Russian authorities have detained an American citizen over accusations of spying, according to Russia’s Federal Security Service (FSB).
Interested in Russia?
Add Russia as an interest to stay up to date on the latest Russia news, video, and analysis from ABC News.
In a short statement, the agency noted that the FSB detained a U.S. citizen named Paul Whelan in Moscow on Friday.
“On December 28, 2018, agents of the Federal Security Service of the Russian Federation in Moscow arrested the U.S. citizen Paul Whelan in the course of committing spy activity,” Interfax’s message reads.
The FSB so far has provided no other details.
“We are aware of the detention of a U.S. citizen by Russian authorities,” the State Department said in a statement. “We have been formally notified of the detention by the Ministry of Foreign Affairs. Russia’s obligations under the Vienna Convention require them to provide consular access. We have requested this access and expect Russian authorities to provide it. Due to privacy considerations, we have no additional information to provide at this time.”
John Sipher, a former veteran CIA officer who once ran the agency’s Russia operations, told ABC News he was suspicious of the Kremlin’s claims.
“You need to recall that the Russian definition of espionage and spying is extremely flexible and covers all sorts of things that we would not consider illegal in any way,” he said. “It is a law specifically written to allow [Russian President Vladimir] Putin to define it any way he wishes. It would be easy for him to arrest almost anybody and accuse them of espionage.”
Whelan’s arrest follows the case of Maria Butina, a Russian gun rights activist who pleaded guilty in a U.S. court earlier this month to acting as an illegal foreign agent leading up to and during the 2016 presidential election. The FBI accused Butina of trying to infiltrate the Republican Party and the American conservative movement, acting on behalf of a senior Russian banking official. Prosecutors said Butina had been seeking to influence Republicans into adopting friendlier attitudes toward Russia.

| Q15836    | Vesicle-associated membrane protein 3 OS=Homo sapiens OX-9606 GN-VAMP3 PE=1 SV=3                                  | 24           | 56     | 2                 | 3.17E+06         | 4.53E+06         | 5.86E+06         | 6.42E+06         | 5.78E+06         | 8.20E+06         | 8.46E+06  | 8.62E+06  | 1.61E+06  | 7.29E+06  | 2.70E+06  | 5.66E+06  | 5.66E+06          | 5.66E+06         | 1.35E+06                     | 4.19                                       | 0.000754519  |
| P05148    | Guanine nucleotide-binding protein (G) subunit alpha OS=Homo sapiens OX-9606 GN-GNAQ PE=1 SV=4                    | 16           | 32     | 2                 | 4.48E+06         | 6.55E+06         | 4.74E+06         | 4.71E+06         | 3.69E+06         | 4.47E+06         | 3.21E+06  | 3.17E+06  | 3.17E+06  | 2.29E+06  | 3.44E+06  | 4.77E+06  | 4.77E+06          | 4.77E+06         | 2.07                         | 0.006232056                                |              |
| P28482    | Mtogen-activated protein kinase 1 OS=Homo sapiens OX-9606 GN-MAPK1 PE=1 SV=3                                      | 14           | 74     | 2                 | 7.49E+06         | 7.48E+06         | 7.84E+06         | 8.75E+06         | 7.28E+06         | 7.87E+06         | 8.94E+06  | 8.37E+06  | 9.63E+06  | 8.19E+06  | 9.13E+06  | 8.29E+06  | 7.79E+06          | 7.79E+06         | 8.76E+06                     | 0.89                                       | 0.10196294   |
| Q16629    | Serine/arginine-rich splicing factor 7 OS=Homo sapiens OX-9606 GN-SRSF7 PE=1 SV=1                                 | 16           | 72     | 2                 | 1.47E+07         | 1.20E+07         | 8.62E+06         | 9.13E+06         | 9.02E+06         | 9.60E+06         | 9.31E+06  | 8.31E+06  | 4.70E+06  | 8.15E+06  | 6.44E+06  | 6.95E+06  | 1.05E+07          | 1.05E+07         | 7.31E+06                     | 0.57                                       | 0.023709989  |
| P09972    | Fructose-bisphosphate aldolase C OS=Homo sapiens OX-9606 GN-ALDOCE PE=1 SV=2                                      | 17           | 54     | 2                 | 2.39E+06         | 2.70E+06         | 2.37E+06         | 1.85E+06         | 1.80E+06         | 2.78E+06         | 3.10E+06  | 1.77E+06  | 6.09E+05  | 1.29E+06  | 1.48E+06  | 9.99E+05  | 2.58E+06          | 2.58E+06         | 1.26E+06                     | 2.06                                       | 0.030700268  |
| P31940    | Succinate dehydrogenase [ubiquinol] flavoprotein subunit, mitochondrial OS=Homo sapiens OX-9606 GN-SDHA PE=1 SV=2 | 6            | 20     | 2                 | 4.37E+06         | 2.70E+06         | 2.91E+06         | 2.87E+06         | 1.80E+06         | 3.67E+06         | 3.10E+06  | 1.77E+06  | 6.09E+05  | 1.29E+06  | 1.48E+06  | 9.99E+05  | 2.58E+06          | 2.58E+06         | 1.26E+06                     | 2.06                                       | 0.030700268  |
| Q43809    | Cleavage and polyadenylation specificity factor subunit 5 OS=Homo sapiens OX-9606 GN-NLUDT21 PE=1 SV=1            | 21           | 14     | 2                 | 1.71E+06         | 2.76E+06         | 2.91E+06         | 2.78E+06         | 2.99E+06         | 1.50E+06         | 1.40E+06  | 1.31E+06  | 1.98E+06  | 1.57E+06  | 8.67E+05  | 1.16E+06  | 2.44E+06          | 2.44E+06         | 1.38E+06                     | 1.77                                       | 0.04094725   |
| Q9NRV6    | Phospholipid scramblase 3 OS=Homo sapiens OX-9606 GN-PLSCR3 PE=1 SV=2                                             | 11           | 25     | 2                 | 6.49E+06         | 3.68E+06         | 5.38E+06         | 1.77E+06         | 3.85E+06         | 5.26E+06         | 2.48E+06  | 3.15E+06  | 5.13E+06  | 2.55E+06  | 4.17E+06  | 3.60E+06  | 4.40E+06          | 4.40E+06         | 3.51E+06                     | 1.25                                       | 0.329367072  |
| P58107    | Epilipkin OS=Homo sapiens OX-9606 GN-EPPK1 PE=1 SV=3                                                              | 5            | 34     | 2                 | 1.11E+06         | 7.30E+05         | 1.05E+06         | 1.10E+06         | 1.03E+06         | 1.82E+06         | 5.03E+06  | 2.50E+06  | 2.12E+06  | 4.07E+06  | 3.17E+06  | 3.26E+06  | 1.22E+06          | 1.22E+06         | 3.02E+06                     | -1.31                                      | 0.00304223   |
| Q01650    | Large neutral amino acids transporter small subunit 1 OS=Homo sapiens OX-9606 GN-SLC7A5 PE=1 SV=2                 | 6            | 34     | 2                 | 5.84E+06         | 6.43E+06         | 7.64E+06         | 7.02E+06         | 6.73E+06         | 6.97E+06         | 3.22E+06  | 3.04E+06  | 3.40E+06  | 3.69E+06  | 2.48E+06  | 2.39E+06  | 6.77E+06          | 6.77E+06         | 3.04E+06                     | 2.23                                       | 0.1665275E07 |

Butina’s case is seen as broadly connected to a wider Russian effort to meddle in the 2016 election with the goal of aiding then-candidate Donald Trump. The Special Counsel Robert Mueller is still investigating those efforts, but has already depicted an extensive campaign by Russian intelligence agencies and Kremlin proxies who sought to influence American voters and undermine the campaign of Trump’s opponent, Democrat Hillary Clinton.
Even before the allegations of election meddling, suspected spy incidents have been a frequent feature of U.S.-Russia relations. In 2016, a U.S. diplomat had to fight his way across the threshold of the American embassy in Moscow after a police officer outside tackled him to the ground in an attempt to prevent him from entering, breaking the diplomat’s shoulder in the process. The U.S. said it was an unprovoked attack but Russia accused the man of being a spy.
In a prominent case in 2013, another diplomat, Ryan Fogel, was famously arrested wearing a conspicuous blonde wig. He was displayed on television by the FSB, who accused him of spying. He was expelled from Russia.
ABC News’ Lee Ferran contributed to this report.